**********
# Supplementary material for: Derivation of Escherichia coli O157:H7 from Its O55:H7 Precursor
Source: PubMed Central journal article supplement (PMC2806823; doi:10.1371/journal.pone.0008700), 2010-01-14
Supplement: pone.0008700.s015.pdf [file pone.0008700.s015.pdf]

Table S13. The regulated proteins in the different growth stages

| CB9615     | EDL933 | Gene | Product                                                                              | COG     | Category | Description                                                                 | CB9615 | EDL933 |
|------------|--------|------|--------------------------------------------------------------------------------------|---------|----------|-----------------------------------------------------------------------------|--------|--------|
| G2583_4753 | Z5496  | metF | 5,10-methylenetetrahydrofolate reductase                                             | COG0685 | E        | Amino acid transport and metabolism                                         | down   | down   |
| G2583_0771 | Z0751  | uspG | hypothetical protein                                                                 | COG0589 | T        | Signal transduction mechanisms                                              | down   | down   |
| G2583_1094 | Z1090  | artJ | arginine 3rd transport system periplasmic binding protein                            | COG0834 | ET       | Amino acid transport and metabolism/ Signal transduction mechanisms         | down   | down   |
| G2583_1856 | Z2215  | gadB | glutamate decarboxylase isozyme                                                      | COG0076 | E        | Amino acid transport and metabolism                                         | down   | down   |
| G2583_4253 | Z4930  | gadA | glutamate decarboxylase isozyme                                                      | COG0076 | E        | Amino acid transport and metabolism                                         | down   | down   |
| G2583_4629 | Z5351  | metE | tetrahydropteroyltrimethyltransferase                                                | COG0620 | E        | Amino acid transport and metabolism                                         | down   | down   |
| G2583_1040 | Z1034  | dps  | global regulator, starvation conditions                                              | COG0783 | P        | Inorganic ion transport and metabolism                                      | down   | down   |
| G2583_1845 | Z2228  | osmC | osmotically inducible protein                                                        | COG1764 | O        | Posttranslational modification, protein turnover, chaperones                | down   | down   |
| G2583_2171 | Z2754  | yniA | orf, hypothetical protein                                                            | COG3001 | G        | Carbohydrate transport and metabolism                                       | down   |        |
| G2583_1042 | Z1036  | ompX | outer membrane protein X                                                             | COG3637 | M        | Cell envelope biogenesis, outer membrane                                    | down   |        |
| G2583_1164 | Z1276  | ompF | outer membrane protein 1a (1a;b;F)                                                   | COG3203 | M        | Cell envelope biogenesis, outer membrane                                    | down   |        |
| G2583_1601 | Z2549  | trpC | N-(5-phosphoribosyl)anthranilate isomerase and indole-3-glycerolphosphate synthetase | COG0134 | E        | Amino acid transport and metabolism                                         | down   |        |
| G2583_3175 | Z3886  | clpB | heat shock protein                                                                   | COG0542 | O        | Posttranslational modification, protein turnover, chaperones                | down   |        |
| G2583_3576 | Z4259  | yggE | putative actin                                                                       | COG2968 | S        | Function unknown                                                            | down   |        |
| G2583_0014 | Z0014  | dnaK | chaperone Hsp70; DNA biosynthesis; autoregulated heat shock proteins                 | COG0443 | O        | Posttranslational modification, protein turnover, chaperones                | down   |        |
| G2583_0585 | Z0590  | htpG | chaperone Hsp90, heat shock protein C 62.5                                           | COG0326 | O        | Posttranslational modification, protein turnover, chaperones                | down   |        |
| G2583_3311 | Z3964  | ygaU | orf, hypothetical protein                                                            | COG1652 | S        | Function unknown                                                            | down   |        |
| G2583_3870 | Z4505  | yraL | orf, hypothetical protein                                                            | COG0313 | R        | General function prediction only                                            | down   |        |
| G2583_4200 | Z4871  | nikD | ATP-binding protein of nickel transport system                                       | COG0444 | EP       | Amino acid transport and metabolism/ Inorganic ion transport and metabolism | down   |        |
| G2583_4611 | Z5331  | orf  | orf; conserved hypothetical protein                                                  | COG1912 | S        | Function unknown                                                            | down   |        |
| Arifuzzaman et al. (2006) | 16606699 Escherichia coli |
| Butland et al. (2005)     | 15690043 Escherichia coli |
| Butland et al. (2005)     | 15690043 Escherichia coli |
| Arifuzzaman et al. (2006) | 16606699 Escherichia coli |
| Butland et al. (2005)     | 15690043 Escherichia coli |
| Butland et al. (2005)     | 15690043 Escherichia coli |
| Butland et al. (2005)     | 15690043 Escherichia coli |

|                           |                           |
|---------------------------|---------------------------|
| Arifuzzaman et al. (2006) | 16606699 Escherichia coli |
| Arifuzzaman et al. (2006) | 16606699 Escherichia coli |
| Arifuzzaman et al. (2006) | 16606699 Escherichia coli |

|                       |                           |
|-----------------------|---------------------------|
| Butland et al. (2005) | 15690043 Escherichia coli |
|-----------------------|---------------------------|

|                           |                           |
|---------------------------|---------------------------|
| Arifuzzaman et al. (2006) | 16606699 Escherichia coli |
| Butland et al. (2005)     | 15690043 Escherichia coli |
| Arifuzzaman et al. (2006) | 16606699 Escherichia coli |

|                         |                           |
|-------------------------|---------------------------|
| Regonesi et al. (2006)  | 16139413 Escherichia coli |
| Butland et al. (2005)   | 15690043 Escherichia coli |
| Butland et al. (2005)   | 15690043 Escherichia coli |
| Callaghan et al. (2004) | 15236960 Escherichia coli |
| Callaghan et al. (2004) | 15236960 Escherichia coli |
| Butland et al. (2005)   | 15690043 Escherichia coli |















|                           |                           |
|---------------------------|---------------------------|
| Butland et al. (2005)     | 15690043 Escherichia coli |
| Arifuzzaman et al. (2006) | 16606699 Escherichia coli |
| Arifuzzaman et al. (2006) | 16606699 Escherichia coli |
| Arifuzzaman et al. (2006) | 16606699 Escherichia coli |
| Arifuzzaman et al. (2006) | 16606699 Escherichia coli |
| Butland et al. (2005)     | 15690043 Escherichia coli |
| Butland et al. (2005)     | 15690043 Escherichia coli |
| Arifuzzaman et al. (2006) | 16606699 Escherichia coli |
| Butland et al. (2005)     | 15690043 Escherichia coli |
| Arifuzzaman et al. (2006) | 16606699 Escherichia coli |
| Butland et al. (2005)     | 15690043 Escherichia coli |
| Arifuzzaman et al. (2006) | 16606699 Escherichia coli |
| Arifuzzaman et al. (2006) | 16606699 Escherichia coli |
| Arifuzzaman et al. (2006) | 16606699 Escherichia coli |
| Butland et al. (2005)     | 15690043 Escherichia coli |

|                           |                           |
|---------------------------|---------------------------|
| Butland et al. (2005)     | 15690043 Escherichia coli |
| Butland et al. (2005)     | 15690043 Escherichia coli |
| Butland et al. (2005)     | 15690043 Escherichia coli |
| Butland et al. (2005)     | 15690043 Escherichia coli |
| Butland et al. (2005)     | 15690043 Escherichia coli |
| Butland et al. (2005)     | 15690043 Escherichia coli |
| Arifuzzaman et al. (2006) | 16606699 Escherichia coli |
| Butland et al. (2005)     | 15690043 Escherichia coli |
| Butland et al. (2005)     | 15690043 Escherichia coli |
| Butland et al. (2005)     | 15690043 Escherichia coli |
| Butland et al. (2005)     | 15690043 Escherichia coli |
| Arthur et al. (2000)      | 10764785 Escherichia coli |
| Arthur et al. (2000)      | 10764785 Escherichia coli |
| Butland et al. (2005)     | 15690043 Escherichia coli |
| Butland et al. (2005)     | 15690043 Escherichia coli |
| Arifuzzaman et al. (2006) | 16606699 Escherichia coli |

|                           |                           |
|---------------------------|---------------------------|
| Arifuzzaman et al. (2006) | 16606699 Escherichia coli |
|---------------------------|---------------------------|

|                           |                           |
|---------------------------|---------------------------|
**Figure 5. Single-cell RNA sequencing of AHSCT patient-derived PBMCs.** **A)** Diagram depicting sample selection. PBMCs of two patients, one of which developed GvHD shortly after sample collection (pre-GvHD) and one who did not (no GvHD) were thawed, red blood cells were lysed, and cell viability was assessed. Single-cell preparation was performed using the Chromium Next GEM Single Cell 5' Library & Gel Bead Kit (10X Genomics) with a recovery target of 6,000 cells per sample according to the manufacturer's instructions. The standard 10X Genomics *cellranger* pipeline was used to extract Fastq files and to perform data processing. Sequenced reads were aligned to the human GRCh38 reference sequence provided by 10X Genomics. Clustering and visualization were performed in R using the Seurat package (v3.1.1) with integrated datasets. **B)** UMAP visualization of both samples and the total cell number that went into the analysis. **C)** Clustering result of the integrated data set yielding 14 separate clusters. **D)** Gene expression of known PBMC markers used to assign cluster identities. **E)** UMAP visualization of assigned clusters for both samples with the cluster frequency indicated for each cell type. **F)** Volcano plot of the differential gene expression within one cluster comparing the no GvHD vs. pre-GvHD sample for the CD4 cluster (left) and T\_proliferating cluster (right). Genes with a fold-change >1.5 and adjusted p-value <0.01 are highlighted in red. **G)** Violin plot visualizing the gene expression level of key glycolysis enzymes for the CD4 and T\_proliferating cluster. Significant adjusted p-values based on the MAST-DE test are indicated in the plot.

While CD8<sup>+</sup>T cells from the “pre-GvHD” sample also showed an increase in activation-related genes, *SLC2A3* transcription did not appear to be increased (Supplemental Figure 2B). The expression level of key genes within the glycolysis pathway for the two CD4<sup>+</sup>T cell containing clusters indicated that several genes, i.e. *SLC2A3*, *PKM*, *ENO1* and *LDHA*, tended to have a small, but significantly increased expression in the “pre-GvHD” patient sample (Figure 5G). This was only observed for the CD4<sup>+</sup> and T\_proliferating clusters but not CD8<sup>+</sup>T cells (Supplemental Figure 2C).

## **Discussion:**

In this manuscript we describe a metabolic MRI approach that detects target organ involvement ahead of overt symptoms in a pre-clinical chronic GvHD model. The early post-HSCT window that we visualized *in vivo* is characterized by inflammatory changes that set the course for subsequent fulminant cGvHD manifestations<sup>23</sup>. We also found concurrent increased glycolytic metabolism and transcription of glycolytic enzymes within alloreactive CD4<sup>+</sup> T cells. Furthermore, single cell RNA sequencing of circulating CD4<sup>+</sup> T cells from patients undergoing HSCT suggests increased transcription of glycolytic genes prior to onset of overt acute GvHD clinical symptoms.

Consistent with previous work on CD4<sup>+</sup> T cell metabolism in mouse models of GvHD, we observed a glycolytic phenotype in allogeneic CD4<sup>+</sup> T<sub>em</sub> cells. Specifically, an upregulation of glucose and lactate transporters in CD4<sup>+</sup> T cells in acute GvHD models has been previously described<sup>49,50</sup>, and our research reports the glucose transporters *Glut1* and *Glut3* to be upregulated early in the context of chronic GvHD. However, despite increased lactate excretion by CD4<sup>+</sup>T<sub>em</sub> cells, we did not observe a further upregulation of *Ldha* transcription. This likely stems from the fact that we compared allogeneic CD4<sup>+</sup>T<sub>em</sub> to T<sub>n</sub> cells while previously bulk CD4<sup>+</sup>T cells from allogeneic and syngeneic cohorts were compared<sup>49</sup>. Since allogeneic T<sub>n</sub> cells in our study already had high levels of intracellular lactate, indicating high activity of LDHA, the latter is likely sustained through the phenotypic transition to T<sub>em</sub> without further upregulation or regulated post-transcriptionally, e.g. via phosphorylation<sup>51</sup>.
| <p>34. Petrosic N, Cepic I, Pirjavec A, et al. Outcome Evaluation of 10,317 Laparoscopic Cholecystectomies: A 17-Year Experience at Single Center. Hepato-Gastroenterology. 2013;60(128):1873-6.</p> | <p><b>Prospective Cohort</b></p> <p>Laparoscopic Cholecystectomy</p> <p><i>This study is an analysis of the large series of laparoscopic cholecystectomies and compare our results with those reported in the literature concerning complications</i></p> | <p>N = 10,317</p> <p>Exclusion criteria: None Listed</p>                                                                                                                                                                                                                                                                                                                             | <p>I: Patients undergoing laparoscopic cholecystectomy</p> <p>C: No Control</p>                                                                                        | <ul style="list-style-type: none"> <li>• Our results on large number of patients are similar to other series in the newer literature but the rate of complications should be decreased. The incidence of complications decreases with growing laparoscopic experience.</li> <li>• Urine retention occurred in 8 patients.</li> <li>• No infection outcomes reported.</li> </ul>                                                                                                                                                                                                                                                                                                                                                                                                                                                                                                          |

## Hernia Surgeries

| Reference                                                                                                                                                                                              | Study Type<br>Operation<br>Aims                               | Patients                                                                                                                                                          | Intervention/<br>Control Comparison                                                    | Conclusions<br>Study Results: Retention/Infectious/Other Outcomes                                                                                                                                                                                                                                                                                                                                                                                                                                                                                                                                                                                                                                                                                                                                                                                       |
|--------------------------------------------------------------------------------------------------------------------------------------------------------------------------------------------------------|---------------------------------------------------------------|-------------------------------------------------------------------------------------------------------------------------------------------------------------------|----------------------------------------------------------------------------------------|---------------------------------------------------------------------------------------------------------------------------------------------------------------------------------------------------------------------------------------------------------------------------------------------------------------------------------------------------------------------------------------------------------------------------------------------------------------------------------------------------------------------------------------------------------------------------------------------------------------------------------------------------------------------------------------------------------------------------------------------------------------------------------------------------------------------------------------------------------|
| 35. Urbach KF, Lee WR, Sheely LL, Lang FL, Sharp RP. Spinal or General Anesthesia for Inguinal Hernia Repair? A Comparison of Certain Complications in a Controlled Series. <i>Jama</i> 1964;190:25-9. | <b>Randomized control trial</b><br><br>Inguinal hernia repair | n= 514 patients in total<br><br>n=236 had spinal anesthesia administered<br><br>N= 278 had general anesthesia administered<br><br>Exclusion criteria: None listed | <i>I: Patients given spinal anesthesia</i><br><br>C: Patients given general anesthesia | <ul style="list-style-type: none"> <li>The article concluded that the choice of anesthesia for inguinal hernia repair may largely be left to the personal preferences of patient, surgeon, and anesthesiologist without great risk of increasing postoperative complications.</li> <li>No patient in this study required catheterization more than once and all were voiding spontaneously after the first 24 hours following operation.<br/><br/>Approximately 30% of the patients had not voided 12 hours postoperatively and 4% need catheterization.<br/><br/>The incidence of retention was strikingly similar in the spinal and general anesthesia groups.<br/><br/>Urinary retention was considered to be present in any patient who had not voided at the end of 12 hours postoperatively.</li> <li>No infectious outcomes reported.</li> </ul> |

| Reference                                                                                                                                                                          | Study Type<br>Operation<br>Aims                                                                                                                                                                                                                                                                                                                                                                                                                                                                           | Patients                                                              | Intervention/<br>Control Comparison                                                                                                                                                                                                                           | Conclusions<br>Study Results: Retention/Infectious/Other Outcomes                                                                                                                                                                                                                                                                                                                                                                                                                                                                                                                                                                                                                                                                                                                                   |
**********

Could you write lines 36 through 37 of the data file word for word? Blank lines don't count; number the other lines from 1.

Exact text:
| Arifuzzaman et al. (2006) | 16606699 Escherichia coli |
| Arifuzzaman et al. (2006) | 16606699 Escherichia coli |